Hell or High Water: Making Cinema Great Again
Today films aren’t made in the same way Hell or High Water is, so make sure you go and relish its rich cinematography, solid story, lavish characterisation and magnificent dialogue.
“We don’t steal from you, we steal from the bank.”
With the 21 st century depression hitting America hard, two estranged brothers have to reunite in the hope they can raise enough money to prevent the bank from repossessing their late mother’s farm.
Straight arrow Toby (Chris Pine) and his loose cannon brother who’s just out of jail (Ben Foster) decide the best way of raising the cash is by stealing from the very banks to whom they’re indebted.
“If this ain’t Texan, I don’t know what is.”
In a year that has seen blockbuster atrocities such as Suicide Squad plague our screens, Hell or High Water couldn’t have come at a better time to remind us that cinema can actually be great.
It takes you back to the 1940s and 1950s when grand and glorious Westerns such as High Noon dominated screens, a golden era for cinema.
The lush yet dirty Texan landscapes that look so exquisite and traditional bank robbery story may remind you of the classics, but this is a film very much set in the 21 st century.
Director David Mackenzie is clearly aware of what is happening in the world, with Trump, the banks and the depression, and this shapes the plot.
In fact modern America in crisis provides the perfect backdrop for a story about a desperate family trying to make things right.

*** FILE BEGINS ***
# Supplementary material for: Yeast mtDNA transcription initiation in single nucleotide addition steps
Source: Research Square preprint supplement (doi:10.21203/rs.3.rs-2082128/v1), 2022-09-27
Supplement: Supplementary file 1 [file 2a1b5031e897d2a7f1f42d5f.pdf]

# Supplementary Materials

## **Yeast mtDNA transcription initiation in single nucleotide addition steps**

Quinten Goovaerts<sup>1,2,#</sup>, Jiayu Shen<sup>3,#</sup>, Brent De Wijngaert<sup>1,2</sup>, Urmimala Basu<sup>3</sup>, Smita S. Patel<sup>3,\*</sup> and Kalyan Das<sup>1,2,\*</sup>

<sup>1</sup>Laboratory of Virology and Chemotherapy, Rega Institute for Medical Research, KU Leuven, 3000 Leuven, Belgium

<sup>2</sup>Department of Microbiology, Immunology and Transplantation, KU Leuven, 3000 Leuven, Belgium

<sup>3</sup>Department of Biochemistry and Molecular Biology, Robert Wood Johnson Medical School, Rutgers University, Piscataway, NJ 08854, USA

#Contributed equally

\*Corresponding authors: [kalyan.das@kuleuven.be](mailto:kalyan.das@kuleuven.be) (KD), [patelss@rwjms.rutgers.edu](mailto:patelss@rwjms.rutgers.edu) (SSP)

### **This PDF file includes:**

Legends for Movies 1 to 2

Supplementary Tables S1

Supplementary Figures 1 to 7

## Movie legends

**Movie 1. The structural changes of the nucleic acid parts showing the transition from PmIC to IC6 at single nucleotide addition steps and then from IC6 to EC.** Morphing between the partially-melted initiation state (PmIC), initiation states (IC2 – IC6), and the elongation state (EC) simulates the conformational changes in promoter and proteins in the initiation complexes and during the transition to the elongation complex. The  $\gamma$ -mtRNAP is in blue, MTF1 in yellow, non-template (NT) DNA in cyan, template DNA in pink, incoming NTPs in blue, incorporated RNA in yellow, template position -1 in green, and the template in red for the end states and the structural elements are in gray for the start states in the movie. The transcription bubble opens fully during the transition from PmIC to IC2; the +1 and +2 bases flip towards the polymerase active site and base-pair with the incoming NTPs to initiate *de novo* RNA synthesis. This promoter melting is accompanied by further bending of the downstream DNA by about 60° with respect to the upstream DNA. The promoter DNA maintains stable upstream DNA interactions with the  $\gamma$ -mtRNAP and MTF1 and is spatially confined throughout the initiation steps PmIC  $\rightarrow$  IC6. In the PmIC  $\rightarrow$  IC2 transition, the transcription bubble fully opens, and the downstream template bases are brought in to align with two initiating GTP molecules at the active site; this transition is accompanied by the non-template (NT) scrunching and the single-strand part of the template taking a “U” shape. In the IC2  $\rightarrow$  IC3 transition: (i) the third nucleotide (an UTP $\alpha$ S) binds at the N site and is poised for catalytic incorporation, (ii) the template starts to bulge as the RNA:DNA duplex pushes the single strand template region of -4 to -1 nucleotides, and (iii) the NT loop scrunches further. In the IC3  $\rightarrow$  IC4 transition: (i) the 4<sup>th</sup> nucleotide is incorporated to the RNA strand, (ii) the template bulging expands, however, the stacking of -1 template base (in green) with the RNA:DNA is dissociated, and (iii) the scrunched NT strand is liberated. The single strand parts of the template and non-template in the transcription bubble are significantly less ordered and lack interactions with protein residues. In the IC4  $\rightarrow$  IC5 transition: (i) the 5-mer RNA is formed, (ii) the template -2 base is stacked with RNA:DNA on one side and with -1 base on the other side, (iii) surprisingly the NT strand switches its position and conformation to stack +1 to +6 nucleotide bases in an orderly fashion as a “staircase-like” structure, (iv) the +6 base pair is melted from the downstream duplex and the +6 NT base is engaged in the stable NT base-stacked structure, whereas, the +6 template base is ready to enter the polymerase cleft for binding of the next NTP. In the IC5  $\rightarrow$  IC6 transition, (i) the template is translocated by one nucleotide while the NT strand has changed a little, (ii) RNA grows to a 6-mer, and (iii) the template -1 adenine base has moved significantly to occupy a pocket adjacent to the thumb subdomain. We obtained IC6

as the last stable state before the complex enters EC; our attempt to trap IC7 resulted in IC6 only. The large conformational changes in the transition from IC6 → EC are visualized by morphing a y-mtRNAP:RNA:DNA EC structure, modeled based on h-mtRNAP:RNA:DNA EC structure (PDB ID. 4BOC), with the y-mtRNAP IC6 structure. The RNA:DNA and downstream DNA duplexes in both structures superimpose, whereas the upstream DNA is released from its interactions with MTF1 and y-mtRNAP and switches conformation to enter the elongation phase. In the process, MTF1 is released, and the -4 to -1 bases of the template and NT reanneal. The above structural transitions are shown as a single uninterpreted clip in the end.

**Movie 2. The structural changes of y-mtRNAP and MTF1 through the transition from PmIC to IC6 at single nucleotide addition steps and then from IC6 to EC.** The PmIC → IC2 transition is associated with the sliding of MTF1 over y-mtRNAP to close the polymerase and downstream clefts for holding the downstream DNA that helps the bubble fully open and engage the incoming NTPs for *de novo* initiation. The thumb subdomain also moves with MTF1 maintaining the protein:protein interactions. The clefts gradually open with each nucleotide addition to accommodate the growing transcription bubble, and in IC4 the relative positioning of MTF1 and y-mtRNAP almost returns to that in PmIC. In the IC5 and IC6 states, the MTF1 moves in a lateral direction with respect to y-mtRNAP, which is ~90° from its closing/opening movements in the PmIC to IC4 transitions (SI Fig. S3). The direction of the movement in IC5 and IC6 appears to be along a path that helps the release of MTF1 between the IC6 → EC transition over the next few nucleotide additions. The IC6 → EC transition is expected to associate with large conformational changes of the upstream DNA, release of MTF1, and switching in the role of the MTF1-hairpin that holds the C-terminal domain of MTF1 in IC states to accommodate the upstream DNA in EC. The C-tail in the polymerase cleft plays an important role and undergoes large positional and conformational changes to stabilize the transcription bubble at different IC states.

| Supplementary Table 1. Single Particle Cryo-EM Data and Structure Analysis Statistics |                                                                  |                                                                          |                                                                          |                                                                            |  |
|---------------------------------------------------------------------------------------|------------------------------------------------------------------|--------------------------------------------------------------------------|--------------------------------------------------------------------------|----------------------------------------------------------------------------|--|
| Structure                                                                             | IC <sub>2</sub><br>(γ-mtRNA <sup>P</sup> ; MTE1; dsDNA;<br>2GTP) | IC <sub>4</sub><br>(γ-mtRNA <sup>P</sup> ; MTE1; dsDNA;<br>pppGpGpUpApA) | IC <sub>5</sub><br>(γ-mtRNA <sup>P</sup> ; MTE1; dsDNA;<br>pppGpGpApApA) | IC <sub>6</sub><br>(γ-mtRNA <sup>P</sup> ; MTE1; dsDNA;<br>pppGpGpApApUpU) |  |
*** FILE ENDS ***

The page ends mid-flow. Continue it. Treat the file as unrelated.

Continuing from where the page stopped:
Pine’s clean Toby and Foster’s chaotic Tanner may be brothers but their personalities are worlds apart.
This allows the actors, who both give outstanding performances, the opportunity to bounce off each other which draws the audience in.
Even though we know the characters are doing wrong, we understand the despairing circumstances they are in, you can see it in their haggard eyes, and actually will them to succeed in their plans.
Enter Jeff Bridges as Marcus Hamilton, a ranger due to retire but is after these robbers.
He, like the brothers, is also desperate and trying to do right in the world.
The grit and spirit Bridges gives his character reminds just what a brilliant actor he is and he is also there to provide some witty humour amidst the drama.
His relationship with his long-suffering partner, Alberto (Gil Birmingham), is well played out and essential to giving Bridges tough cop a human side.
Sure, we have seen this story and characters a million times before but there are quite a few twists and shocks along that way that will leave you agape with horror and surprise.
And sometimes you just can’t beat a classic Western drama about bank robbers.
Yet Hell or High Water is so much more than that.
(Words by Emily Murray)